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05.03.

2007

Rural Infrastructure:
Rural infrastructure consists of the following: i) Telecommunications:

ii) Power iii) Roads and transport; iv) Water and sanitation. Overview of rural infrastructure:

A. Telecommunications:
i) 85% of villages have at least one village public phone, but few households have private phones;

ii) Teledensity low in rural areas;

iii) Village telephone service is highly subsidised;


iv) Privatisation is largely confined to cities; v) Long distance rate subsidise short-distance service regressive scheme in rural areas;

B. Power i) Only about half of households are connected;

ii) Power outages are frequent; iii) Private provision of power is frequent; iv) Subsidies on power tariff are high;

v) Government funds are inadequate to achieve universal coverage.


C. Roads and transport: i) Around 40% of villages are unconnected to the rural network;

ii) Although income and vehicle ownership has increased substantially, the road network has not expanded at the same pace; iii) The main focus of road construction has been employment generation, not quality; iv) State transport undertakings have run up huge losses; v) State Governments have a poor record on road maintenance; Water and Sanitation: i) Almost all habitations (villages + hamlets) are covered with drinking water sources, but operations and maintenance efforts are inadequate;

ii) Sanitation facilities are highly subsidised, but most of the rural population is unserved. Very low total outlays makes it difficult to expand the coverage; iii) The average amount paid by households for drinking water is too low to recover costs of operation and maintenance or stimulate private markets; iv) States are unable to maintain protected drinking water sources;

v) Private water providers face substantial entry and price barriers;


Table 1: Share of rural households lacking of basic infrastructure Sectors % of all rural households Type of infrastructure Direct exchange lines

Telecommunications 92

Power
Roads Water Sanitation

48
44 5 78

Electrical connection
Surfaced roads Water source within 1 Km* Latrine**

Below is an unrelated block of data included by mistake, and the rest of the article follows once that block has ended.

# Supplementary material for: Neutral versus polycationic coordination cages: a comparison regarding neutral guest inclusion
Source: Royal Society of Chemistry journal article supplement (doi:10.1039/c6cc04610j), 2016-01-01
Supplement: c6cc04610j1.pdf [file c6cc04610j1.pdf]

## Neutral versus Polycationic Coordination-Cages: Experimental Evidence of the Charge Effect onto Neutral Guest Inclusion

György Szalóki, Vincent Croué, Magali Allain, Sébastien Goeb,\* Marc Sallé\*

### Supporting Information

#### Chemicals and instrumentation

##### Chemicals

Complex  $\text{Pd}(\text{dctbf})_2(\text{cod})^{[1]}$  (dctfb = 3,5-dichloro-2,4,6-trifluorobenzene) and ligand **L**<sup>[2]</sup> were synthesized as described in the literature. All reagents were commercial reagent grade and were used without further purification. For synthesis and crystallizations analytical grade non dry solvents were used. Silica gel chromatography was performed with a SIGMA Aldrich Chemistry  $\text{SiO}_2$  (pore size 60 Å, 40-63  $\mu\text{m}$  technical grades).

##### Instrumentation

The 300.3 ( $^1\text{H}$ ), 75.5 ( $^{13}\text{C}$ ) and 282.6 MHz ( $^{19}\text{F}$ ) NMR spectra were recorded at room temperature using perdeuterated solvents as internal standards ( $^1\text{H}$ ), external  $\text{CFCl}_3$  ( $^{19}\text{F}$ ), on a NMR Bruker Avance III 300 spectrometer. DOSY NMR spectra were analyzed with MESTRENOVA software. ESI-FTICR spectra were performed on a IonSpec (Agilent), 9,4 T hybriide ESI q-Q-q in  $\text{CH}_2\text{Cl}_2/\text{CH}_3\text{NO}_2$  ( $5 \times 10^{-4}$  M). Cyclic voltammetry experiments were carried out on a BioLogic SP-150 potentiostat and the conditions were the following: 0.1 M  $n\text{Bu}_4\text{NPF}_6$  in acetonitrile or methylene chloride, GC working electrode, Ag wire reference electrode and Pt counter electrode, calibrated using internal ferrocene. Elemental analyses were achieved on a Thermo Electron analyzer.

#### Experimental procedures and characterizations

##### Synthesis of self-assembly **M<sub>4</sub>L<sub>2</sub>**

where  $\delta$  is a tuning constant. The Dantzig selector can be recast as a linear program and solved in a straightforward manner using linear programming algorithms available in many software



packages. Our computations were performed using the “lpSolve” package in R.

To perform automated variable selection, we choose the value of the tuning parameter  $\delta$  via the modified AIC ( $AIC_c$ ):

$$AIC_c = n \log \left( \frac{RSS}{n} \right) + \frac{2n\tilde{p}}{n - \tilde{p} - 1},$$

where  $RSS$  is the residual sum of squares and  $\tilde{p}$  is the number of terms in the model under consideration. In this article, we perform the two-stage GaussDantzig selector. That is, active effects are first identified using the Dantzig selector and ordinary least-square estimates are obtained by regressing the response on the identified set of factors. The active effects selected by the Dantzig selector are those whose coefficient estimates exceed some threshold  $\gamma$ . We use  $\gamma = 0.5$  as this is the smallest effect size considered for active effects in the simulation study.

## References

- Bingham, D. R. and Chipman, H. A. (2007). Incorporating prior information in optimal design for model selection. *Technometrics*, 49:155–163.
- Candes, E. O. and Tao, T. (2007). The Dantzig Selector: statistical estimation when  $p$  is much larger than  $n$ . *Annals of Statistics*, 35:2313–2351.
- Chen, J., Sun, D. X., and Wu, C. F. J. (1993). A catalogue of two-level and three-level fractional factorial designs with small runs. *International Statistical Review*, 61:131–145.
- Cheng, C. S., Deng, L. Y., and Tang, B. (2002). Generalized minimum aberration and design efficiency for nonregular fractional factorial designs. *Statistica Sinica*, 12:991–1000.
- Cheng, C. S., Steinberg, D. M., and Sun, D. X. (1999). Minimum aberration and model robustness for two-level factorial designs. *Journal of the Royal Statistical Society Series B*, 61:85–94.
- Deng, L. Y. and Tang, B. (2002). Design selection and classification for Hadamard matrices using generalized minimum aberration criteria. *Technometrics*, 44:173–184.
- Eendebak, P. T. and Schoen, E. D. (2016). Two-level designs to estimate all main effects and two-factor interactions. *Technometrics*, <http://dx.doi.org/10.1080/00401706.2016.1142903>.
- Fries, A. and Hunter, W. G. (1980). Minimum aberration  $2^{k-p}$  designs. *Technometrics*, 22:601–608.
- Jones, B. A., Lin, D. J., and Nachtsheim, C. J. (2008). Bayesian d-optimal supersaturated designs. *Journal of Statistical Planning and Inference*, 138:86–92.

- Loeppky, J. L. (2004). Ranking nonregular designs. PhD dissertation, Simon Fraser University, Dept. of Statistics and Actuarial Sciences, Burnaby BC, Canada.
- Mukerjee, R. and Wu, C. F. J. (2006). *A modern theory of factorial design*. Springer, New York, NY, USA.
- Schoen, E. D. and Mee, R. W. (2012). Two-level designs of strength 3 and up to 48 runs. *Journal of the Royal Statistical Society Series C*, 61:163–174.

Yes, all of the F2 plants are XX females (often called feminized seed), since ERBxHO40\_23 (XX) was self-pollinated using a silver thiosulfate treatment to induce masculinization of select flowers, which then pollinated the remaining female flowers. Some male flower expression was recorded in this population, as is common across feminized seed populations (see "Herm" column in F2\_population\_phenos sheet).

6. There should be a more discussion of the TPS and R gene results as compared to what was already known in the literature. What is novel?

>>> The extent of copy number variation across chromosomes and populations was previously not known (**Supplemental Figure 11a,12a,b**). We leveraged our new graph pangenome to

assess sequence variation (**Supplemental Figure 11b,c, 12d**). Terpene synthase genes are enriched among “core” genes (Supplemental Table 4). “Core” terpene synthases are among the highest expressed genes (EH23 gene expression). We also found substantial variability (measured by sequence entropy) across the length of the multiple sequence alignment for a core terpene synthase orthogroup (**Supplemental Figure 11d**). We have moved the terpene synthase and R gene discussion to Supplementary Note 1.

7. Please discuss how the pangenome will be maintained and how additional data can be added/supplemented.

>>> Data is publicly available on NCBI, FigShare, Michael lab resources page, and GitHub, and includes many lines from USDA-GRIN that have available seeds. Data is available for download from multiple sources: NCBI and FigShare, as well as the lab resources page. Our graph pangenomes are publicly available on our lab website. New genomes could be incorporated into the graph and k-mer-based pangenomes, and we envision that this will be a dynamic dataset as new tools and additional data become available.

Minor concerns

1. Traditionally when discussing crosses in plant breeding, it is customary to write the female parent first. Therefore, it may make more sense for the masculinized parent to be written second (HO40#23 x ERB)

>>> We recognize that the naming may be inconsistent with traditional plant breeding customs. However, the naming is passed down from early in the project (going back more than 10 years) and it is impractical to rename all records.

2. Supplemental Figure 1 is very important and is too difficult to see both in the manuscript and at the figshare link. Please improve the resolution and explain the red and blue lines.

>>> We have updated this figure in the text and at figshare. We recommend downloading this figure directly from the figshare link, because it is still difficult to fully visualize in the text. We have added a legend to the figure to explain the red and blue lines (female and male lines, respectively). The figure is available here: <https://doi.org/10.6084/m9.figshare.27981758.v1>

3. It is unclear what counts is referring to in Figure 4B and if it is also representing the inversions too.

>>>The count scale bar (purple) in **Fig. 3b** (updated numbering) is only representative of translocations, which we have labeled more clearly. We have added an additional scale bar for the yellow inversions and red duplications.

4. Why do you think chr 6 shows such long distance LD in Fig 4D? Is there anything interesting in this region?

Many water sources only function a few hours a day, however because of poor maintenance; ** Surveys indicate that many latrines are not used for the purpose they were designed.

Gaps in infrastructure investment:

i)

Policy makers have recognised the gaps in rural infrastructure and struggled to find ways close to them;

ii) But efforts have been severely restricted by a shortage of funds; iii) Even during the current period of economic reforms, started in 1991, the dismal state of infrastructure has hardly shown any significant improvement, thus depriving the rural communities of opportunities that a well developed infrastructure could offer; iv) Mid-Term Appraisal of the 10th Five Year Plan (June 2005) noted that infrastructure inadequacies in both rural and urban areas are a major constraining Indias growth; v) A Committee on Infrastructure under the chairmanship of the Prime Minister was established to define an agenda for action in this area; vi) The Committee has identified an ambitious programme for infrastructure development, which will cover the entire 11th Five-Year Plan period; Budgetary allocation for infrastructure development: i) Centrally, budget allocation for infrastructure has increased from 3.2 to 4.6% of the Gross Domestic Product (GDP) over past ten years;

ii) But central allocation of rural infrastructure has fluctuated with no clear upward or